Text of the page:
Why do theists mourn someone

Mourning Letters - How to show tact and comfort with the right words

Why comforting words are so important

Often the news of someone's death suddenly reaches you:

  • You read the obituary notice in the newspaper: The father of a good friend has died.

  • You learn from your assistant that an employee's wife died unexpectedly.

  • You call your business colleague's office and find out that they have had a fatal accident.

  • A mutual friend informs you that the mother of one of your friends has died.


What distinguishes a good letter of condolence?

Learn the contents of a good letter of condolence in the Great Knigge:

  • Memories
  • Feelings and experiences
  • Appreciation of the deceased
  • sympathy
  • Offer of help
Find out more here ...!

Even if you anticipate the death of someone you know - for example because they are terminally ill - it is often very difficult to show their condolences to the bereaved and to put it into words. Compassion, that is, empathy, is required to a certain extent.

Many people find it difficult to admit and formulate these, and helplessness spreads. Death is a taboo subject in our culture: We weren't taught how to deal with our finitude. Many believers also find it difficult to come to terms with death. The topic is scary, so most people prefer to avoid it.

Defy helplessness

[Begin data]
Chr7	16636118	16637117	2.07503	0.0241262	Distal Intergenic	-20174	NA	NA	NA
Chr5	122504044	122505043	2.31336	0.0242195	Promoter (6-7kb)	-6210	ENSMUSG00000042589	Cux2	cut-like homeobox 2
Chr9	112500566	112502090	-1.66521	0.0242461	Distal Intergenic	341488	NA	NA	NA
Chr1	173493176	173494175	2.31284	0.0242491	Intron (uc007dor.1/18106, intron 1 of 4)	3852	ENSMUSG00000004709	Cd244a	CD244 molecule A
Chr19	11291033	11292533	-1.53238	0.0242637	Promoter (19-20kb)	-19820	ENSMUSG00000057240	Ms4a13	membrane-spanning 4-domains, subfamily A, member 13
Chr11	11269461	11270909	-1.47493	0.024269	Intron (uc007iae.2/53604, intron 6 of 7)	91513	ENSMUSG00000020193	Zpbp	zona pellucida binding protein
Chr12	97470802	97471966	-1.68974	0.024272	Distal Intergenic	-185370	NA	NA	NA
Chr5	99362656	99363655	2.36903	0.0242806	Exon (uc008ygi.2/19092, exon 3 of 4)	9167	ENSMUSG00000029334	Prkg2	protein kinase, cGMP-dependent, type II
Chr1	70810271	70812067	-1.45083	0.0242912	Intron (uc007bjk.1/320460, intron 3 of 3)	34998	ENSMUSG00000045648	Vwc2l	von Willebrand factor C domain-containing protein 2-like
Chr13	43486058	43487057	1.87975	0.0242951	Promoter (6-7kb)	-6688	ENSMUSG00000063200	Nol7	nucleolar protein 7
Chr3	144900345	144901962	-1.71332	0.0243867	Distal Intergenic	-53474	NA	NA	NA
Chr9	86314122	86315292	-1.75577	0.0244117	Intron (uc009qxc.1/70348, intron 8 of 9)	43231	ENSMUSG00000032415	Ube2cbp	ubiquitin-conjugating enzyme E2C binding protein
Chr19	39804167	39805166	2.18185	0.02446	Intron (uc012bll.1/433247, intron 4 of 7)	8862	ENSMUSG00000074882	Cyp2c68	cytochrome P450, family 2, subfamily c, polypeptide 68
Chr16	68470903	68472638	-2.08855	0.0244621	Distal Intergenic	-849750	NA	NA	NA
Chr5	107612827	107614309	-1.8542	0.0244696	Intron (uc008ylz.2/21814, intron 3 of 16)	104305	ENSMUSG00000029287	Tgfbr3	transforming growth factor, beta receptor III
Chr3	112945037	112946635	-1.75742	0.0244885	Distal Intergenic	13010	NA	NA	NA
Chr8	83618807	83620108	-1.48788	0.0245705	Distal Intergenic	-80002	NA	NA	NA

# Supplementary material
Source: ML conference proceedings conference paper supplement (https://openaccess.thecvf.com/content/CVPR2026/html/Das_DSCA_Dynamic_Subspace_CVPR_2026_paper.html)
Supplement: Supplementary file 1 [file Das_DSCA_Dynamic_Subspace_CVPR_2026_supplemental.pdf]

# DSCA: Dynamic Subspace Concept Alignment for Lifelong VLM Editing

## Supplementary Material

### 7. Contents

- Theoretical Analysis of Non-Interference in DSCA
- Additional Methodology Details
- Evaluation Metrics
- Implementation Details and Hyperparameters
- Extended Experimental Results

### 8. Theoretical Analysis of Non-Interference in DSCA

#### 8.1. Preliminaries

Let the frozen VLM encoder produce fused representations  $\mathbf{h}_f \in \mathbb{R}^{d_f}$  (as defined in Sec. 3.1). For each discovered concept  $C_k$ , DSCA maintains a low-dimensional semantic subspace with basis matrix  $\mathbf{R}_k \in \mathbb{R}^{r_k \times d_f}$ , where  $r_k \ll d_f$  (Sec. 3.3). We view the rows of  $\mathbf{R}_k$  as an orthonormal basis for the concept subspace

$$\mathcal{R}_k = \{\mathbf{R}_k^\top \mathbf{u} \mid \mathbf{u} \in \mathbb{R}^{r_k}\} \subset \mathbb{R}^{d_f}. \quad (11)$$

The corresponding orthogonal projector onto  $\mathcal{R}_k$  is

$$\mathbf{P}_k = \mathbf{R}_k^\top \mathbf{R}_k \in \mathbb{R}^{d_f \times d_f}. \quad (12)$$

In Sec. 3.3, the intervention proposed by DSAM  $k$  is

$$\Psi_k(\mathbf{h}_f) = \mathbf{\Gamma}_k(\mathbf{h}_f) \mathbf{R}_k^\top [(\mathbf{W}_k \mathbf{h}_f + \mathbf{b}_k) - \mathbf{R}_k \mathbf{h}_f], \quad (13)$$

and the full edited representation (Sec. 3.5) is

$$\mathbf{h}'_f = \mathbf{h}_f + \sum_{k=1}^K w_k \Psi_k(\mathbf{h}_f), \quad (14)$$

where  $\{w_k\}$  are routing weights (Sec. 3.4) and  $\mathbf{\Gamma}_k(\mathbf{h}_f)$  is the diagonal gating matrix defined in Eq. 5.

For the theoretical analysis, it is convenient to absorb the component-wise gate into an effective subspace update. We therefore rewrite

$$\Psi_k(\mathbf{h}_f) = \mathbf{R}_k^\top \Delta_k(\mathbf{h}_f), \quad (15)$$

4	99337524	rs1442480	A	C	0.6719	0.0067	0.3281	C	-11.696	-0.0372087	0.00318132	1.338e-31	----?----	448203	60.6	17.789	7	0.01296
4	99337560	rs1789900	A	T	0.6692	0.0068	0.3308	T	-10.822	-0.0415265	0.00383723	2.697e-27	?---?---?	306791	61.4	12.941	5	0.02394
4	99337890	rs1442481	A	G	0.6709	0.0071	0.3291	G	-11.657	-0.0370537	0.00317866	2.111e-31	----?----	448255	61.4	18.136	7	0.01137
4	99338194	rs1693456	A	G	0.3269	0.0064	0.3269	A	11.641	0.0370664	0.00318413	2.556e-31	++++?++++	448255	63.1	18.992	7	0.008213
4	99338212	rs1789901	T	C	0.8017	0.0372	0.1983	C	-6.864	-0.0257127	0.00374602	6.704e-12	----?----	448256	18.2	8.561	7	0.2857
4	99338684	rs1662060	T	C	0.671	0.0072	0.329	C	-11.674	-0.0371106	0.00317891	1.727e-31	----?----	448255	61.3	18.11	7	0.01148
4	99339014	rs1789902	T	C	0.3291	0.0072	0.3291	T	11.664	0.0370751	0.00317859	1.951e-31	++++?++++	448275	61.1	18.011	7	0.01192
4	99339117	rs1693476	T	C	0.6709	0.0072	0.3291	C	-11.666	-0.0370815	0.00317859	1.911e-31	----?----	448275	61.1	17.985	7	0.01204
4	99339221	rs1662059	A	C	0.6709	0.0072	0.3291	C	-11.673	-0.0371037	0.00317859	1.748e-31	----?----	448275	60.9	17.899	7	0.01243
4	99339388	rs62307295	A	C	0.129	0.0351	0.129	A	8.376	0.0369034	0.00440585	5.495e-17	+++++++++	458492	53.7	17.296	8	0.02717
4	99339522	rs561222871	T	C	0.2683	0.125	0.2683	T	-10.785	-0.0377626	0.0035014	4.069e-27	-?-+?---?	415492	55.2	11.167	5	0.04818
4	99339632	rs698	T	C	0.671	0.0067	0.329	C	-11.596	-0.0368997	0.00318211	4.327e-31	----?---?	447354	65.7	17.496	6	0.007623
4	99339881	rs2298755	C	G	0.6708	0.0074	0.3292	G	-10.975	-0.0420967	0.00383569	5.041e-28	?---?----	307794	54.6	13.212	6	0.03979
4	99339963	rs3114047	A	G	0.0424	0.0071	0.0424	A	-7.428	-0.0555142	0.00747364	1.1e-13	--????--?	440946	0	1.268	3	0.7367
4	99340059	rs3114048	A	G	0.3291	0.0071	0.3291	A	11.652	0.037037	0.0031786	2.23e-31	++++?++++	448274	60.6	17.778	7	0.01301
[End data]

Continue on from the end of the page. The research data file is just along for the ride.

Even when you feel helpless, do not remain idle. Tell the bereaved that you are concerned, because suffering shared is suffering halved. Even if you did not know the deceased, compassionate words are needed.

The Italian philosopher and therapist Piero Ferucci writes in his book "Only the friendly survive": “Suffering people do not need diagnoses, advice, interpretations, influences, but real unconditional empathy. As soon as they have at least the feeling that someone identifies with their experiences, they can let go of their suffering and be healed. "
Quench this longing for empathy. Do not despair if you find it difficult to find the right words.

The biggest mistakes are still:

  • Don't react at all
    Do not leave the bereaved alone with their emotions. Remember how you felt when you lost a loved one. What helped you What was the consolation?

  • React too late
    Act as soon as possible. The first expressions of condolences are the most valuable as the mourner longs for support and comfort. Everyone wants to know that others also miss the loved one and mourn them.

  • Exaggerate
    Avoid any theatricality that makes the bereaved depressed instead of comforting them. Your statement should be compassionate, but not heartbreaking.

  • Standardized condolences
    Don't hide behind empty phrases. Statements such as "We would like to express our condolences to you on the death of your wife" sound trite. Express your feelings in your own words.